As for the comic, I can’t imagine that Jo would be too freaked about having been making out in a cemetery; after all, she’s one of the ghost hunters, isn’t she? Heck, it might as easily be a turn on for her.

For some reason, today’s was a particularly good strip; memento mori, and all that.

There are a lot of uncharted burials here in New England, too. It’s getting to be like Merrie Olde England: you can’t put in a garden without digging up someone’s bones. Some of the burial sites are marked, some either had wooden markers or the stones have vanished. A friend’s neighbor was putting in a new well, when he discovered a Colonial-era family plot. The State Anthropologist (yeah, Connecticut has one) found six old graves from around 1700 (that town was founded in 1702). The worst thing was, dude was trying to put in a well; better put that somewhere else.

Regarding your screwdrivers: we are told that only 1% or 2% of our DNA separates Humans from Chimpanzees. We know it’s more than that; a Chimp says,

“Must have tool.”

A Human says,

“Must have right tool.”

Yup, it can be a fun diversion to run across these and try to read them. (Limestone doesn’t seem like the best choice for permanent markers but that’s what was to hand around here in the olden days)

Also fun and occasionally sad are all the abandoned family(s) churches everywhere. Many towns have died and been eaten by the lush plant life around here so its not unusual to stumble onto graves, churches, random old stone construction and railroads that appear and disappear after a few feet into a forest or something. A tip off to finding old home foundations hidden in the trees/weeds is finding mints and plants that probably escaped from a garden plot a long time ago. Or once a giant chunk of coal in the middle of nowhere was a clue.

Anyway the love the way you do slice of life. Always a favorite category of mine and you do it right!

I feel like you’re pulling a wallie wood and jessie’s hat is getting slightly bigger every time she appears in this particular outfit.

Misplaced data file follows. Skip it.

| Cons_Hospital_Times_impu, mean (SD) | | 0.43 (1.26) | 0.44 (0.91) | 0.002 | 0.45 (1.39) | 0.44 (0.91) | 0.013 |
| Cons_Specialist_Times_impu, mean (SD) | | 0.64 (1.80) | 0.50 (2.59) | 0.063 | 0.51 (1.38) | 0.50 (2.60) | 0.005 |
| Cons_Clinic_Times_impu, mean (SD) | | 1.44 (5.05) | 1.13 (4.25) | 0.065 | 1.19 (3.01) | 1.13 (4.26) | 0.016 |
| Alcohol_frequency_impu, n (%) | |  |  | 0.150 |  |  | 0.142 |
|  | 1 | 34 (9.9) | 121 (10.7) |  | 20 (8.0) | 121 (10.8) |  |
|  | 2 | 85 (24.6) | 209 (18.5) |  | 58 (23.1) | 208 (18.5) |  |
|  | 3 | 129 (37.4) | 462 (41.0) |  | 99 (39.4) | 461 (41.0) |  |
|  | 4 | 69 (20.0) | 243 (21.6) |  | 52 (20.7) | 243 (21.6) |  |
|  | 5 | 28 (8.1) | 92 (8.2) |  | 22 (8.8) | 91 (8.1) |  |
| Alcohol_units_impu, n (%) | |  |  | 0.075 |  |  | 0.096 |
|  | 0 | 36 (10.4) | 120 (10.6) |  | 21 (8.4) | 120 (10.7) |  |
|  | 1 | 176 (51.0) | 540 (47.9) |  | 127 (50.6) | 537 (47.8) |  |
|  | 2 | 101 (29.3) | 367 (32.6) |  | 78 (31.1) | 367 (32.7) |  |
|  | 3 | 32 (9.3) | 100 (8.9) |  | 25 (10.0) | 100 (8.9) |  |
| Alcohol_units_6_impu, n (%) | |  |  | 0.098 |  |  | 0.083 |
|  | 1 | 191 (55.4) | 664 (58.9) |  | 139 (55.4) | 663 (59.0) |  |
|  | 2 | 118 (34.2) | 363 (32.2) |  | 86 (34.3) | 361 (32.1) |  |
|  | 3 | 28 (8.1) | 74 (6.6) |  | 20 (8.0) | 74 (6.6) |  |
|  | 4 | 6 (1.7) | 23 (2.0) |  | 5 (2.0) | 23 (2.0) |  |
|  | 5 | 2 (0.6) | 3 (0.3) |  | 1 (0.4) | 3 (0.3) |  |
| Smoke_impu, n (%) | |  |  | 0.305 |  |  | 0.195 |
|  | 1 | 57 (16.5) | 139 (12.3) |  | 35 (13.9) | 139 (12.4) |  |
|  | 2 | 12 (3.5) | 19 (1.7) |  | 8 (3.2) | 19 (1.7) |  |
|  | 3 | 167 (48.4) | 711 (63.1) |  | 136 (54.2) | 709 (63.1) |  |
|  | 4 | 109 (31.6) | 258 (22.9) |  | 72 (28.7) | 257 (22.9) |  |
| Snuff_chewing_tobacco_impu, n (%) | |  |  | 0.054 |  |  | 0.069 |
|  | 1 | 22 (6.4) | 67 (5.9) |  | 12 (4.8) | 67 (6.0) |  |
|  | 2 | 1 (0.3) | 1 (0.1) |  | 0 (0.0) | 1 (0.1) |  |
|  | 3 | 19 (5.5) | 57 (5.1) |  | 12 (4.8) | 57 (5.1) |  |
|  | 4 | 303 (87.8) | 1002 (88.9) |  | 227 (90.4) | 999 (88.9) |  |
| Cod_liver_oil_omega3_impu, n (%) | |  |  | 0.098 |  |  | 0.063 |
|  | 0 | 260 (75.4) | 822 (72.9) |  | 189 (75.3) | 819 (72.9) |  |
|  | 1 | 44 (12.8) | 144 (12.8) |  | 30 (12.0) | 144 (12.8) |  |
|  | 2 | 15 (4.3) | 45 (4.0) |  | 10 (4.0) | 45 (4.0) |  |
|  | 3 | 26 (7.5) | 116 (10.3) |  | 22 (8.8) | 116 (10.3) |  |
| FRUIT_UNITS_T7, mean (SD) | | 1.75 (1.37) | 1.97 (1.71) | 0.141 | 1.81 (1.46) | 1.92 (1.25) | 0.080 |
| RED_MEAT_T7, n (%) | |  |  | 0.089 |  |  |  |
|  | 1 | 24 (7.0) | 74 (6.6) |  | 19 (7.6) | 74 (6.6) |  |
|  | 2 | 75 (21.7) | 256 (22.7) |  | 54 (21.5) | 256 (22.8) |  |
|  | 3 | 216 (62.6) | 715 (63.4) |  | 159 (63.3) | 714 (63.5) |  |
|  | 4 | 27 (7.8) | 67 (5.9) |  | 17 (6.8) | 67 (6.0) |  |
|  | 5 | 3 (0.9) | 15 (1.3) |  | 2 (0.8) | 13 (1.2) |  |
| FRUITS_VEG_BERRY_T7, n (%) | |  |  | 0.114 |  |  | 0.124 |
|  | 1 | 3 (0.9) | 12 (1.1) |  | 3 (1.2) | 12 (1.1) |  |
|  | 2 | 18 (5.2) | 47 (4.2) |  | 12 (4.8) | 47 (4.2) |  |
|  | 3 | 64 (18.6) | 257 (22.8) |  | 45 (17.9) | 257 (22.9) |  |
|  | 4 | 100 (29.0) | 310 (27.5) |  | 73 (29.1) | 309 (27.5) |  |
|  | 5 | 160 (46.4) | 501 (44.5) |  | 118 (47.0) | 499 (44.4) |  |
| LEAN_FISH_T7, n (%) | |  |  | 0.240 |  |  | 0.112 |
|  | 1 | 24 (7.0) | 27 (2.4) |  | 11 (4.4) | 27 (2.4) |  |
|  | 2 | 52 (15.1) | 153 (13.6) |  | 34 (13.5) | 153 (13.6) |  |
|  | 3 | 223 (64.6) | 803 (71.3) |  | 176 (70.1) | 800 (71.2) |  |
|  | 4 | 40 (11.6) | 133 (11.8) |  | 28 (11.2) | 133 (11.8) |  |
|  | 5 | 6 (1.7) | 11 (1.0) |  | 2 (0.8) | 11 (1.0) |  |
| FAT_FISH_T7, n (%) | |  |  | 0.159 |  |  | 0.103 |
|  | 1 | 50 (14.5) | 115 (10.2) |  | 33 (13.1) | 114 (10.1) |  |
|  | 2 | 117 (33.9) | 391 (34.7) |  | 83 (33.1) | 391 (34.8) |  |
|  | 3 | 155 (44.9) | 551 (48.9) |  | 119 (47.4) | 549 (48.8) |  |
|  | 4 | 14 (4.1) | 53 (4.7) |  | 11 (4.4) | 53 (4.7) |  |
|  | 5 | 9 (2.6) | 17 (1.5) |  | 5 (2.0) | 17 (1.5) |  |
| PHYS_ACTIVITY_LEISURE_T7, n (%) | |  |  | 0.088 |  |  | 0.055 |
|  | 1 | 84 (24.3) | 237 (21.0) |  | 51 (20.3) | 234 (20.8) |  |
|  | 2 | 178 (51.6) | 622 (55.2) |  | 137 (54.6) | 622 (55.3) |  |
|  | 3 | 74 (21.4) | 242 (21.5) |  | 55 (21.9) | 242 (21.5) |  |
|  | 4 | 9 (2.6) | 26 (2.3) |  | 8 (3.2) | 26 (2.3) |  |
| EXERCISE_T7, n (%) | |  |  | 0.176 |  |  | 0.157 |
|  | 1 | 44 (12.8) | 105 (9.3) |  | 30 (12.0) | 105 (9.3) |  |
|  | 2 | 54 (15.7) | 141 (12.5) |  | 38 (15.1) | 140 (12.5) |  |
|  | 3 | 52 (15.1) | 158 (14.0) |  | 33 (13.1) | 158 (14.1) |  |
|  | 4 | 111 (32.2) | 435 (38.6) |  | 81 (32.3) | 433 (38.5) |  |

I don’t understand the reference, but hats and hair do tend to get more extravagant the longer I draw them.

wally wood was an artist for DC comics. He was the first artist to draw Power girl in her opening appearance in all star comics (#58?) and so as the story goes, he wanted to see how long it would take for the DC editors to notice that he would draw her breasts increasingly bigger with every issue. not like a cup size an issue obviously, but just a little increase every issue. Supposedly it took the editors 11 issues to finally notice and tell him to knock it off. So today this is thought to be one of the reasons that she officially has the largest breasts of any super-heroine in the DC universe.

Sounds like someone just needed a story after the fact to me. XD I just get more comfortable with a hat (and a lot of things) the more I draw it and start to unconsciously alter it to suit my purposes.

Really like your doomsday observation. Do you think that mentality is a particularly American thing or more applicable to ostensibly christian societies in general?

I think it’s built in to all versions of Christianity, but I can’t speak to any non American flavors of it. I assume it must be part of Islam and Judaism as well, but m not familiar enough with either to state that with confidence.

Out here in Nebraska, you’ll find random gravesites out here for two reasons:

1. As someone mentioned before, there were hundreds of little towns that tried to pop up as the Wild West was settled. Churches built here and there, and then people buried next to them. However, as the railroad evolved and automobiles/gas-powered machinery started ruling the day, these towns were abandoned as people moved away to larger cities for more work, and farmers bought out the empty land. So these abandoned towns rotted away until there’s very little left that civilization was even there in that prairie. Save the gravestones that people didn’t take with them when they left.

2. People crossing the Great Plains to go to the West Coast for the gold rush or to avoid religious prosecution formed wagon trains. A lot of people died on the way across. Some Mormon and richer folks brought stone along just for this reason – to have a headstone for the dead if they had to bury them in the middle of nowhere. My dad’s pasture had four of them belonging to a group of Mormon settlers. We never did find any future family that would want to know about them, although we left messages all over geneology sites in case someone’s looking for a few Smiths that never made the crossing.

The funny thing is that out of everything left of that era, the only thing that survived was the one thing that marks the death of people. Imagine in the future, if humanity dies out and aliens come along, what they’ll find. Other than decaying cities, they’ll find rows on rows of markers preserving the memory of the dead long past over centuries. Our civilization will mostly be remembered by the headstones of dead people.